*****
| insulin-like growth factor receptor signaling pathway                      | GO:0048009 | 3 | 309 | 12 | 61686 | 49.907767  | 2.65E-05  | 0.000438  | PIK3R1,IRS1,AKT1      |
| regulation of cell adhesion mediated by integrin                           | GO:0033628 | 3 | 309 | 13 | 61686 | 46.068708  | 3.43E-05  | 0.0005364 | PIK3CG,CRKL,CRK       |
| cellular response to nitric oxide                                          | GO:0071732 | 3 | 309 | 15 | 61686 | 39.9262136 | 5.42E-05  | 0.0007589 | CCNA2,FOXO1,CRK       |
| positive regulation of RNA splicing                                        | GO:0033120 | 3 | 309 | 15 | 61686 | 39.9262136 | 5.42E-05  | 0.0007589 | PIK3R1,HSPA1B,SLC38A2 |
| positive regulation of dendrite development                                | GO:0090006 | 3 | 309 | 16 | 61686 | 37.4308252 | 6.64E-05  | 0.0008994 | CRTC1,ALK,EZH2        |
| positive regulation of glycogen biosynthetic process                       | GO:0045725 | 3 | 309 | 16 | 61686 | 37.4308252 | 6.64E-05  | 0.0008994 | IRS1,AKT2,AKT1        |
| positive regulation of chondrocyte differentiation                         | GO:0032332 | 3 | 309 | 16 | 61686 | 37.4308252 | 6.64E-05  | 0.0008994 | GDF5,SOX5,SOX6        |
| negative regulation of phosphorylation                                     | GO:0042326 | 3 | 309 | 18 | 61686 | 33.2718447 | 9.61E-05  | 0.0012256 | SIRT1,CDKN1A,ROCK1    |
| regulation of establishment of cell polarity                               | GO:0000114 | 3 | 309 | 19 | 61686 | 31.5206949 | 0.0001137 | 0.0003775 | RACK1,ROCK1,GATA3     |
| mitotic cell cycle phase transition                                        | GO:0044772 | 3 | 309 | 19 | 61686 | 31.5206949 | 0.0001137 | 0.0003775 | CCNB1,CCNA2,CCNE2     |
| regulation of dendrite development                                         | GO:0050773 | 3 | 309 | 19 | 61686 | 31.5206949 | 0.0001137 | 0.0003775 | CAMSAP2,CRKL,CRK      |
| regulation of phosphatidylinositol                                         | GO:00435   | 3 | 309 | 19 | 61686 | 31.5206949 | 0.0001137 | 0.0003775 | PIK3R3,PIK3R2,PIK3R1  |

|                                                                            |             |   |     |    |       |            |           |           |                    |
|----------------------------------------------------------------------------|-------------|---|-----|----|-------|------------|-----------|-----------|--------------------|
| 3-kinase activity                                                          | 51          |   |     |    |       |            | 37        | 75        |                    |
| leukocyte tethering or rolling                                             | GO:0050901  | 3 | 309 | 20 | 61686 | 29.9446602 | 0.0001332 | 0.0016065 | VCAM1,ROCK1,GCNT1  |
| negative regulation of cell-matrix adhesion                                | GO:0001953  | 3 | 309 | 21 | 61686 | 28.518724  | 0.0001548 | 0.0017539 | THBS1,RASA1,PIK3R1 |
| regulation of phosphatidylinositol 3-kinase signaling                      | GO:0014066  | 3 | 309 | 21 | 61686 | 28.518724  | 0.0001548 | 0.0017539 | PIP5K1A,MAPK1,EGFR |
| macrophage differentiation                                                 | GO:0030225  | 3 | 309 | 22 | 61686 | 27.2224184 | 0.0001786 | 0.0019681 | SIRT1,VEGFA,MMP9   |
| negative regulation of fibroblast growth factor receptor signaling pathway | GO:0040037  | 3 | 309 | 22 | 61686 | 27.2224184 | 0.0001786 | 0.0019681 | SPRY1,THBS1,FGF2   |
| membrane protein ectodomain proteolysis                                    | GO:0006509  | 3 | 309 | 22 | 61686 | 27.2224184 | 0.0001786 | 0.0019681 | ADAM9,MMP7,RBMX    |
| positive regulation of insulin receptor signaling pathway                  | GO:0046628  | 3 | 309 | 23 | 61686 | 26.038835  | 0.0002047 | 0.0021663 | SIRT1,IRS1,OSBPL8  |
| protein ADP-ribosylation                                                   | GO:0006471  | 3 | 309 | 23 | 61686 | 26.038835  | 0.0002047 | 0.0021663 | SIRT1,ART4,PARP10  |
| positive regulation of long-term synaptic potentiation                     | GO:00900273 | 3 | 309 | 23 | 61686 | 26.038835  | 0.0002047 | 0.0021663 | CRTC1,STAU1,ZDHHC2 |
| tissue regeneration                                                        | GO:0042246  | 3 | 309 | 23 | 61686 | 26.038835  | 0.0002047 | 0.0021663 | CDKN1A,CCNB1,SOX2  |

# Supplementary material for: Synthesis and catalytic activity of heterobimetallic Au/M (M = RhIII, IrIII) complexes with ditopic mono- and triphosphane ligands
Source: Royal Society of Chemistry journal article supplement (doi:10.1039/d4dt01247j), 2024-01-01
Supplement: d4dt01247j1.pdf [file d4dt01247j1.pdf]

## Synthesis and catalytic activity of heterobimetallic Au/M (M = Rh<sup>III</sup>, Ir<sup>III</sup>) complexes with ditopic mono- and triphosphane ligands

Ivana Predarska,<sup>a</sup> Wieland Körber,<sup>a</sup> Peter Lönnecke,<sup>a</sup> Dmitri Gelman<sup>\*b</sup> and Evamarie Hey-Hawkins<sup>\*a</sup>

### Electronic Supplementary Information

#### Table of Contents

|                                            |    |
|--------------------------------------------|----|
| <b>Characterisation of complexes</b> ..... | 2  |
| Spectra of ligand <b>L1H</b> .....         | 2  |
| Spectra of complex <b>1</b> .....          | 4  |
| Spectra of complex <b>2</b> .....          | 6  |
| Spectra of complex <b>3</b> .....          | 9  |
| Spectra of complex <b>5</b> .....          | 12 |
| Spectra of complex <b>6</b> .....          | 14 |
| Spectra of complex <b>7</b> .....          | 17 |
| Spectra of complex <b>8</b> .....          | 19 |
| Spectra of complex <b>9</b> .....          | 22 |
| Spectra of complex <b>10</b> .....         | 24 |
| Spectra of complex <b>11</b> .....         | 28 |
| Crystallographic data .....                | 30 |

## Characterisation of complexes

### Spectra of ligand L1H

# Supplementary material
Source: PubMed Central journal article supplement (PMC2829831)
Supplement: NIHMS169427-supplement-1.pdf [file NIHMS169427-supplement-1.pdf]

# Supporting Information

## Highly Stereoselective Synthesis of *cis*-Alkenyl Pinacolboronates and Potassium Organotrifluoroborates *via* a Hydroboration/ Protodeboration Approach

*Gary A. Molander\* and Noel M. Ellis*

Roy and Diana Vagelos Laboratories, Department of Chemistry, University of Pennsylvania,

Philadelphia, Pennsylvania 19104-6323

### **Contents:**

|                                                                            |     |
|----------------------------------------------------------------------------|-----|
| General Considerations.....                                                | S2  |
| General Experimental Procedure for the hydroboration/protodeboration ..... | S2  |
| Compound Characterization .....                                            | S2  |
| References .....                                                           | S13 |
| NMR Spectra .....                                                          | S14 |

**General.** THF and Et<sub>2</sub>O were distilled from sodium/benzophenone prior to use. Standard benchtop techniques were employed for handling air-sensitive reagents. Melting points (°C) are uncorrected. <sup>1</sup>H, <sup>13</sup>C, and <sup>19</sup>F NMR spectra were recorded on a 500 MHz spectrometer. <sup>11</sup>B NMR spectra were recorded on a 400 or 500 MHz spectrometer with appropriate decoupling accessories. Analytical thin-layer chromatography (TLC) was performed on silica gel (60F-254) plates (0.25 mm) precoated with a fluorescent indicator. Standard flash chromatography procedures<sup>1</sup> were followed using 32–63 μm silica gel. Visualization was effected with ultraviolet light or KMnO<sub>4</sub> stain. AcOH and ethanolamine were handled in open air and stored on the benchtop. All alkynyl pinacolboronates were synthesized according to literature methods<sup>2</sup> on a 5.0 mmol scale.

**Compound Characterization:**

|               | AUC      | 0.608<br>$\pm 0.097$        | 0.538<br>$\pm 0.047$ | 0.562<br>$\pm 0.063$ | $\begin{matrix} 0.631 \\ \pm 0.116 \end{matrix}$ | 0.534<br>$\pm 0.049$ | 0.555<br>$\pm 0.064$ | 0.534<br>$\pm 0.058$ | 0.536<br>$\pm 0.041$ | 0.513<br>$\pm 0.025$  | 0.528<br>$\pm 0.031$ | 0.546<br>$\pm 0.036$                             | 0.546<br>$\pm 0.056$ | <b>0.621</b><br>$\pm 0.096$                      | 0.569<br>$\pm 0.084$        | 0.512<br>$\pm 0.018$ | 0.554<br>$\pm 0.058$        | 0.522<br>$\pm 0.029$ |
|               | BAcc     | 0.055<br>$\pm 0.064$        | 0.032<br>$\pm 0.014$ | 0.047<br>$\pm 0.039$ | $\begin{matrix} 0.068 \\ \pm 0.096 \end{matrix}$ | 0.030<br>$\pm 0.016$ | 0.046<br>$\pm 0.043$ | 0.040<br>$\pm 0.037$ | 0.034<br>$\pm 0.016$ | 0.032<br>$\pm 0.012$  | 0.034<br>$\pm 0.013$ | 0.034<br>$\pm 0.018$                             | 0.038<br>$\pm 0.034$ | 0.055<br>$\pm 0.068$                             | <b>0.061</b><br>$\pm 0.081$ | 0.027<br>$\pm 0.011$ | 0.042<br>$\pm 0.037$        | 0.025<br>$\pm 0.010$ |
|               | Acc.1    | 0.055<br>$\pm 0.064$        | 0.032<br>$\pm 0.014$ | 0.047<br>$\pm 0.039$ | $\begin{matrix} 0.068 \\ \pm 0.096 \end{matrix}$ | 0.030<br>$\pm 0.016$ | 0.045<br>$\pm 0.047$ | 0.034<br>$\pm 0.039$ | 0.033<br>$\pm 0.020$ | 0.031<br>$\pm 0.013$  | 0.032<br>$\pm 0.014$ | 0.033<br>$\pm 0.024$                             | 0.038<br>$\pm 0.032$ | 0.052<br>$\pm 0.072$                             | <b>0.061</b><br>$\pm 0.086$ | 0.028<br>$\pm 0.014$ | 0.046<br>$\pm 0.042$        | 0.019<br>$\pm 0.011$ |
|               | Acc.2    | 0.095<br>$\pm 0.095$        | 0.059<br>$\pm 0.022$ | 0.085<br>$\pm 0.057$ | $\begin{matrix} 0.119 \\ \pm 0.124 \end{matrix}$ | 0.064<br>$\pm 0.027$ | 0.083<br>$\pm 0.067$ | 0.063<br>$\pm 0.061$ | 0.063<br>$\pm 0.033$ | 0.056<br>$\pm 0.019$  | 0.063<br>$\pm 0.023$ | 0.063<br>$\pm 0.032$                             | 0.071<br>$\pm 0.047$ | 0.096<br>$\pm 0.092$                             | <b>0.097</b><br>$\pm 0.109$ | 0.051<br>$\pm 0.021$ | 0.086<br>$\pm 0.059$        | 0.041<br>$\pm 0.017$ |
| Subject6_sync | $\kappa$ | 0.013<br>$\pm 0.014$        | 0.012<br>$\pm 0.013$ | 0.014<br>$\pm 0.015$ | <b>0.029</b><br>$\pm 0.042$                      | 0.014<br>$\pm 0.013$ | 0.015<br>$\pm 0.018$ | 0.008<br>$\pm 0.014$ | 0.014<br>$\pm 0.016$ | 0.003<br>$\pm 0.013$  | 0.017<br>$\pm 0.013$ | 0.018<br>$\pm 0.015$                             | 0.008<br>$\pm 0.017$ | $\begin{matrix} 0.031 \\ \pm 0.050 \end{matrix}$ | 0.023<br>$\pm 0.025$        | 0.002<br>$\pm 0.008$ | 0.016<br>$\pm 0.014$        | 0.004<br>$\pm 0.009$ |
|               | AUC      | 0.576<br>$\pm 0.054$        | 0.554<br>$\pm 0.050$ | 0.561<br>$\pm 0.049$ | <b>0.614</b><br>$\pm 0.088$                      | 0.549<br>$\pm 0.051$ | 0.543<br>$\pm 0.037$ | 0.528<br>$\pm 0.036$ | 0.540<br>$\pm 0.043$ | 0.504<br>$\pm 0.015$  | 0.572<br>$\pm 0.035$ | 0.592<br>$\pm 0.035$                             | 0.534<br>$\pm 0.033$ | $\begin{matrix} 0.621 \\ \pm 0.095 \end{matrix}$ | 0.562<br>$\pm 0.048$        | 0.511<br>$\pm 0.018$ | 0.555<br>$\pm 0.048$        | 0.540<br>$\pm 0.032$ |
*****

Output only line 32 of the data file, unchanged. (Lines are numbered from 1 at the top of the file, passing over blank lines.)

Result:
#### Table of Contents